Last thoughts
First, I think the civil trial system is bullshit. If a citizen is asked to serve on a criminal jury, that's a public service. You're acting as a check against arbitrary action and helping to ensure your own protection by jury trial (should you ever be accused of a crime like possession of all the drugs you typically possess). But whom was I serving all those days and all those hours? It wasn't the state; it was the plaintiff, the defendant, and their lawyers. Dispute resolution is a specialty that lawyers pay thousands of dollars for; but why bother when we can just ask the addled Filipina grandmother and the over-opinionated metalhead to do that work for free? Juror compensation needs to be higher in general, but it really should be higher for civil trials, since the plaintiff and defendant can just pay out of pocket. That would provide a powerful incentive to resolve disputes before reaching trial, which is something I think we can all get behind. If your issue is that important or you have that much money, take it all the way. I guess this is my point: lawsuits can be valuable, but this one sure wasn't.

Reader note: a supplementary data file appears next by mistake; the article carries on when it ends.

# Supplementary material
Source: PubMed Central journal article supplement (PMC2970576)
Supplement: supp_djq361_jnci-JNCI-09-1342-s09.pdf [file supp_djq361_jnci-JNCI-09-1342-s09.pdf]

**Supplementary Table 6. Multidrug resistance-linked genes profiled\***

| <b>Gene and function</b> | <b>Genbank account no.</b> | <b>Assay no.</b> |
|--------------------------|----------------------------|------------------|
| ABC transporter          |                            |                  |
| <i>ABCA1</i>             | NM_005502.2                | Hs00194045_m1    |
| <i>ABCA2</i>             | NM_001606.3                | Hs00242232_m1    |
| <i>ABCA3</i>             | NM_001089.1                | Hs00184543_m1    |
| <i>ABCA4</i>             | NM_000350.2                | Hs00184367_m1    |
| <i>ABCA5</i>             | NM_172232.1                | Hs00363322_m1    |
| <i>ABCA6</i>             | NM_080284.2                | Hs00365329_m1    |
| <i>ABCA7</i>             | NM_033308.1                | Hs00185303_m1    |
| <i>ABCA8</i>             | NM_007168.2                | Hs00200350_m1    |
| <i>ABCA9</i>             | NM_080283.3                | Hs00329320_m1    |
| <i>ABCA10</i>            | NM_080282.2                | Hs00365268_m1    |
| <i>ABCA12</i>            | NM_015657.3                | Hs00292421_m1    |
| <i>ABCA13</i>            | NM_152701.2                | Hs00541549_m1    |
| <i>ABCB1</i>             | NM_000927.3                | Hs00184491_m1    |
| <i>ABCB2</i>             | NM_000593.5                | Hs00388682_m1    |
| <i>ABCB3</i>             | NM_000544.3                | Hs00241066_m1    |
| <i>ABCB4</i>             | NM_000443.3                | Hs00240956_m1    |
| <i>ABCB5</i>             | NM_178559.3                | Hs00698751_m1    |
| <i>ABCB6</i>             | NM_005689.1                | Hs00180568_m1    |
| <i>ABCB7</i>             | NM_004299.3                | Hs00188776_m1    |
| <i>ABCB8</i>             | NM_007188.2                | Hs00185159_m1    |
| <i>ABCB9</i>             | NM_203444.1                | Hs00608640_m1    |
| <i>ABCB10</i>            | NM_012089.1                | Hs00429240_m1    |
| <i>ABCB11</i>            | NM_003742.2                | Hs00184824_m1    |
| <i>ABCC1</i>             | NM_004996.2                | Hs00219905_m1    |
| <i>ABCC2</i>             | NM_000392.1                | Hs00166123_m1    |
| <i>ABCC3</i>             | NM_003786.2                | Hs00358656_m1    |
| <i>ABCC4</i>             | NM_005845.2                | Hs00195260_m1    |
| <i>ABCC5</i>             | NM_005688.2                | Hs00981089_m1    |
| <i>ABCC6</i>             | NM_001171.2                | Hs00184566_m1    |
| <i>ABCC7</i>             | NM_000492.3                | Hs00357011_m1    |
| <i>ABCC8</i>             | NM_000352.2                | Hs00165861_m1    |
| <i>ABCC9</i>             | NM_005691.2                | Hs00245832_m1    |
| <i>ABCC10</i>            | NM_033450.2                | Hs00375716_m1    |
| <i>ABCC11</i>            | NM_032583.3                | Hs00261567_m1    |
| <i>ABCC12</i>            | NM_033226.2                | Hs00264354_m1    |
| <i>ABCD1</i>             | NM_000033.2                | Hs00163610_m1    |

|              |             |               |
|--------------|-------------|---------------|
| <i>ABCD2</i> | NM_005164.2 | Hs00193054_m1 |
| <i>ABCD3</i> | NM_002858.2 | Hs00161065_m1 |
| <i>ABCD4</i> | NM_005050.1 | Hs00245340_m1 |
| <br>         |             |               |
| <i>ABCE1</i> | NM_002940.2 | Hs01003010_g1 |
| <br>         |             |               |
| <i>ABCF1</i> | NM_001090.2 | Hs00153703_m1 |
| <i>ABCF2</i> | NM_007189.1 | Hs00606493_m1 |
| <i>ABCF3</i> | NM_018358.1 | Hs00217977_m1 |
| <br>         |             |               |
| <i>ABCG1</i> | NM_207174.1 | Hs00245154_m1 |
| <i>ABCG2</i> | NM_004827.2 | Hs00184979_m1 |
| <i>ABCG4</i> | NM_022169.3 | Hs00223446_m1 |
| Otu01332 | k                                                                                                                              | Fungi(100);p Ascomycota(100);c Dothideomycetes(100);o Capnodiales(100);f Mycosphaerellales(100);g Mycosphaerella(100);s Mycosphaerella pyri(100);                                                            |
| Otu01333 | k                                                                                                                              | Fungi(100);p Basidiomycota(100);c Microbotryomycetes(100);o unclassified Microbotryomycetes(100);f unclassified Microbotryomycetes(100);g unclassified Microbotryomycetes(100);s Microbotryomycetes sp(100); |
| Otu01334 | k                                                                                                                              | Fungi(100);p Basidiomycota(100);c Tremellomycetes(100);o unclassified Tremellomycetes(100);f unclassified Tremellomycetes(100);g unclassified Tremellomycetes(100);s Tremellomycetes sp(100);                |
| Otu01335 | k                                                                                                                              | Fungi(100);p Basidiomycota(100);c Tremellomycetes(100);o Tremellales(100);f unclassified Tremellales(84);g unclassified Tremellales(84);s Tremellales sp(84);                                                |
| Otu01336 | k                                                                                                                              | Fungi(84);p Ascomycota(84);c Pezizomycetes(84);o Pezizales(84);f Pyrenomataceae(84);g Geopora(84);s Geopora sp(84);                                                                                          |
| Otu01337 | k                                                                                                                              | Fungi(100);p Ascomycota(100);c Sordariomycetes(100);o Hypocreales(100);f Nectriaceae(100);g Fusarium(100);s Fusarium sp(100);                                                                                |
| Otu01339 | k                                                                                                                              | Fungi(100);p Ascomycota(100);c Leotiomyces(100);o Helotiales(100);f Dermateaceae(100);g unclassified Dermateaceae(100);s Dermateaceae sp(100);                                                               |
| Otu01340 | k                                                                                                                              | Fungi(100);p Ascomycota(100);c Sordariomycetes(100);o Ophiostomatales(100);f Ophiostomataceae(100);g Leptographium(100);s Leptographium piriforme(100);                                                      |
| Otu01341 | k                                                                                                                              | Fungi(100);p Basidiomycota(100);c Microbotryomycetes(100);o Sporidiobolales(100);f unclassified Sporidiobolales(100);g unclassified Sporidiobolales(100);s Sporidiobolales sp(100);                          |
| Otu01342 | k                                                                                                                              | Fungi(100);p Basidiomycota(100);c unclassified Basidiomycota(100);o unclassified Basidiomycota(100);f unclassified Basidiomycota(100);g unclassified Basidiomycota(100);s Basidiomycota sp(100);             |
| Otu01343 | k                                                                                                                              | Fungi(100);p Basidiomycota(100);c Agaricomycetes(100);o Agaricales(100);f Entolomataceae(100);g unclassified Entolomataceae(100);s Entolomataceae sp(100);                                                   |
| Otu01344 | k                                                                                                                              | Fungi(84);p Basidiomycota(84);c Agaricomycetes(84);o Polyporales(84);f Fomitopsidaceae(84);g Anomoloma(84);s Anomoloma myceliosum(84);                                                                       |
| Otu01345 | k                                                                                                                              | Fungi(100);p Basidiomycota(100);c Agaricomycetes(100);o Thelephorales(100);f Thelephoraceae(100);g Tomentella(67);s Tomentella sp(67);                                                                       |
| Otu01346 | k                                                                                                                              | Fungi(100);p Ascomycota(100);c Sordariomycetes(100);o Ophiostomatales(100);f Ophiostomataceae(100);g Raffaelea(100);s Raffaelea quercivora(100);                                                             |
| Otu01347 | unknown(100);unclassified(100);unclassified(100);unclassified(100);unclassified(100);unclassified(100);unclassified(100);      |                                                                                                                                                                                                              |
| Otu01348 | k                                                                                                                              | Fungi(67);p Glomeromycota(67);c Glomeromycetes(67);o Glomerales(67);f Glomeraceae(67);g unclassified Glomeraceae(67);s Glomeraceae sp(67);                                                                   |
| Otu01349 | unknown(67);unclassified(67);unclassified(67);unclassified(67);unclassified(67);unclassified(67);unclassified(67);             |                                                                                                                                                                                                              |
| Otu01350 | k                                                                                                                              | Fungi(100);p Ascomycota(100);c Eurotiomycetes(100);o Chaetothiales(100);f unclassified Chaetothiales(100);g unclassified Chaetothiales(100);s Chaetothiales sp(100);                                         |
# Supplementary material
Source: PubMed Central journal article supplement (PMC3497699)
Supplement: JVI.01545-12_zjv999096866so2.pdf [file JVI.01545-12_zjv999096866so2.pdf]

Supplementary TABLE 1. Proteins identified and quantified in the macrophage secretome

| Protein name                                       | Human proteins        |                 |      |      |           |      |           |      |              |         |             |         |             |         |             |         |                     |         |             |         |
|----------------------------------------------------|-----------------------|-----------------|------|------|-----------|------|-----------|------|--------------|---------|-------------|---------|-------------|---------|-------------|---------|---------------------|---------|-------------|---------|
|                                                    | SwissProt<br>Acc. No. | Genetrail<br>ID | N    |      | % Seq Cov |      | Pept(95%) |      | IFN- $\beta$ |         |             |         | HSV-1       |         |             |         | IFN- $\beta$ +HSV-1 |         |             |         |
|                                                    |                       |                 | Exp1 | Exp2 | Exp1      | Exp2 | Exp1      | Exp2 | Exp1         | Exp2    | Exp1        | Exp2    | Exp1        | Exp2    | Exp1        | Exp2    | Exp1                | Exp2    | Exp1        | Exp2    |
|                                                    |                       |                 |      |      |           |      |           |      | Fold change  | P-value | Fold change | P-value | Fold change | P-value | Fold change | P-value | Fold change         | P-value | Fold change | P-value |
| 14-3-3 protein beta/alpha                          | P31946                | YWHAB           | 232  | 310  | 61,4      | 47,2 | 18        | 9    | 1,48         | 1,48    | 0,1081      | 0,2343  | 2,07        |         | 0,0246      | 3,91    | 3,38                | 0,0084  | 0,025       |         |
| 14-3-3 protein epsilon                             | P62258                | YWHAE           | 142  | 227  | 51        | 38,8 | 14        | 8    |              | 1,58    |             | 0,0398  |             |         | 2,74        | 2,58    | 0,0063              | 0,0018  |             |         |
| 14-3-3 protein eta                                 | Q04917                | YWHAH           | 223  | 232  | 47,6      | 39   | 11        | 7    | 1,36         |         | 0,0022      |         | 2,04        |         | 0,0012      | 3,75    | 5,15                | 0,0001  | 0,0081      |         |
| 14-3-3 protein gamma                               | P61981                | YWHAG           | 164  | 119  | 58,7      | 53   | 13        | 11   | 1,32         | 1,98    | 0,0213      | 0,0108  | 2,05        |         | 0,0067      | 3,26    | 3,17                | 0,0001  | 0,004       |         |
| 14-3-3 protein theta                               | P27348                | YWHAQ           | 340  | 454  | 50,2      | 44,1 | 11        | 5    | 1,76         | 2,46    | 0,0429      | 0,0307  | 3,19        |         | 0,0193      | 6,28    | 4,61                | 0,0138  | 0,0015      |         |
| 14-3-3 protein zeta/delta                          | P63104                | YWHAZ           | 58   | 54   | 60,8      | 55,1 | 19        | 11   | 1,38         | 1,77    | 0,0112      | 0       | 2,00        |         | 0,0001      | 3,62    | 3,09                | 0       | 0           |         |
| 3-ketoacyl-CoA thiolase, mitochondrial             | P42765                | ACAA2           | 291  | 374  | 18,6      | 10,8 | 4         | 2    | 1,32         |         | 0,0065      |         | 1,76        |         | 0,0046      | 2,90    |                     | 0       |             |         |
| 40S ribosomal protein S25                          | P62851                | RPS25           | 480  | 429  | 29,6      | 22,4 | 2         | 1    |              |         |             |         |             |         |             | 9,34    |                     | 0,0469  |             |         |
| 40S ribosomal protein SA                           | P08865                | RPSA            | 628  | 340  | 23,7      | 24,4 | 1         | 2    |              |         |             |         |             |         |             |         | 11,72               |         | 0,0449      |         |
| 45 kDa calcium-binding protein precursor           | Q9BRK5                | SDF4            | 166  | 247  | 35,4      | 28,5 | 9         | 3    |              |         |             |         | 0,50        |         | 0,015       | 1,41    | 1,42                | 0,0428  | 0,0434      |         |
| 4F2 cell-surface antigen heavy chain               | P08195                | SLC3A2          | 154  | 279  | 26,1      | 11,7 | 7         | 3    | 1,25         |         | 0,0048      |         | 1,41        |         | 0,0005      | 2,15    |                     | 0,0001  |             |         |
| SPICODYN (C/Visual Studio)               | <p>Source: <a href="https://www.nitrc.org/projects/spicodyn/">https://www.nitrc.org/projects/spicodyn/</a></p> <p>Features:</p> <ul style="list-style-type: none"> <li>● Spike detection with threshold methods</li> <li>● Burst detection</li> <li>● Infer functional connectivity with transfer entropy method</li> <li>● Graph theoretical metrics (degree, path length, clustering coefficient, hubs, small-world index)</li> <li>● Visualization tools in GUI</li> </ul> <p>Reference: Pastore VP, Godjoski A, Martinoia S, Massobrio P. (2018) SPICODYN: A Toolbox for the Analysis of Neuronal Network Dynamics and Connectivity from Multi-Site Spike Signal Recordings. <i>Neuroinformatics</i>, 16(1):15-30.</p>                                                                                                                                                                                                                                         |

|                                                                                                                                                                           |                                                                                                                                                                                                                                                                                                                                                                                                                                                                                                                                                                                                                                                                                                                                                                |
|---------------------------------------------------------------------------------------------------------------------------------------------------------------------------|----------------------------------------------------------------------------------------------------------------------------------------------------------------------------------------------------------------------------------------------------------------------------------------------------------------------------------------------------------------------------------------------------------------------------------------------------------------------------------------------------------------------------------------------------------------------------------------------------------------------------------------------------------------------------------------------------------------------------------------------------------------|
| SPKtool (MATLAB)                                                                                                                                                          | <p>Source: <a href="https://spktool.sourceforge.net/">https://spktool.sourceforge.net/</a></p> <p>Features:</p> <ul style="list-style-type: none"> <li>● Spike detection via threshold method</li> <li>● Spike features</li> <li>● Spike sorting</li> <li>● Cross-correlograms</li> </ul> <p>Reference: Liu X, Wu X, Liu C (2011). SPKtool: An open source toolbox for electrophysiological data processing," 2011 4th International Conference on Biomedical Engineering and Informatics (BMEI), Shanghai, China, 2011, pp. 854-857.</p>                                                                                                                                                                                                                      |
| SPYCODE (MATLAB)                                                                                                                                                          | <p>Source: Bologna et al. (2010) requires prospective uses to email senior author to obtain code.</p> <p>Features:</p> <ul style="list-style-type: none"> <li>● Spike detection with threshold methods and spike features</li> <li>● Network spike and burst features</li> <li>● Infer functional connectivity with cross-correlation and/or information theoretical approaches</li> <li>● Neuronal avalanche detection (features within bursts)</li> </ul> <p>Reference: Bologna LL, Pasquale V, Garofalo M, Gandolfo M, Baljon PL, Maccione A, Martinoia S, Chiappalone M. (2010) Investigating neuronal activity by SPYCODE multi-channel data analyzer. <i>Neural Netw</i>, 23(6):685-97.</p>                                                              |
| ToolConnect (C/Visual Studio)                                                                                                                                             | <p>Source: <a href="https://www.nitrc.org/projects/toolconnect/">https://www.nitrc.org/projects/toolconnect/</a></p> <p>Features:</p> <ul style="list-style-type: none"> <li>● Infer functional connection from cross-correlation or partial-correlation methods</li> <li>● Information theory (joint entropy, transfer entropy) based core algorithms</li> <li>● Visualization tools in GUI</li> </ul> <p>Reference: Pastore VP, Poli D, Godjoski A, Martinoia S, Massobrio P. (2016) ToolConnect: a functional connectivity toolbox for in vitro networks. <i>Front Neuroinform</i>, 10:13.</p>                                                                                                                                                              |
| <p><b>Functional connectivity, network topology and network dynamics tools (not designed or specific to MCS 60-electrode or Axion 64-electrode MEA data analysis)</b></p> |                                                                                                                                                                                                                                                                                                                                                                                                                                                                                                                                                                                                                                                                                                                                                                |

All that time, all that public and private expenditure, to try and wheeze a little better result out of the system than you might have got otherwise? Ugh. The upside is that I think justice really was served: though the letter of the law favored the defendant, she fucked up in a major way and put other people at risk. Somebody was hurt, and damages will be paid. At the same time, the breakdown of blame we did at the end favored the extremist "zeroes" of the Bloc of Four. The total restitution paid by the defendant will be about $5,000, paling in comparison to any of the legal expenses or even the cost of hiring one expert witness. Everyone loses, and those fuckers deserve it for not coming to a settlement. By the way, the proposed settlement before the trial was $25,000 (we couldn't know this in the jury room, obviously). The plaintiff turned it down, thinking he could get more in a trial. I would have actually liked to see him get more, but FUCK YOU for turning down that kind of cash with a hundred-grand already on the table.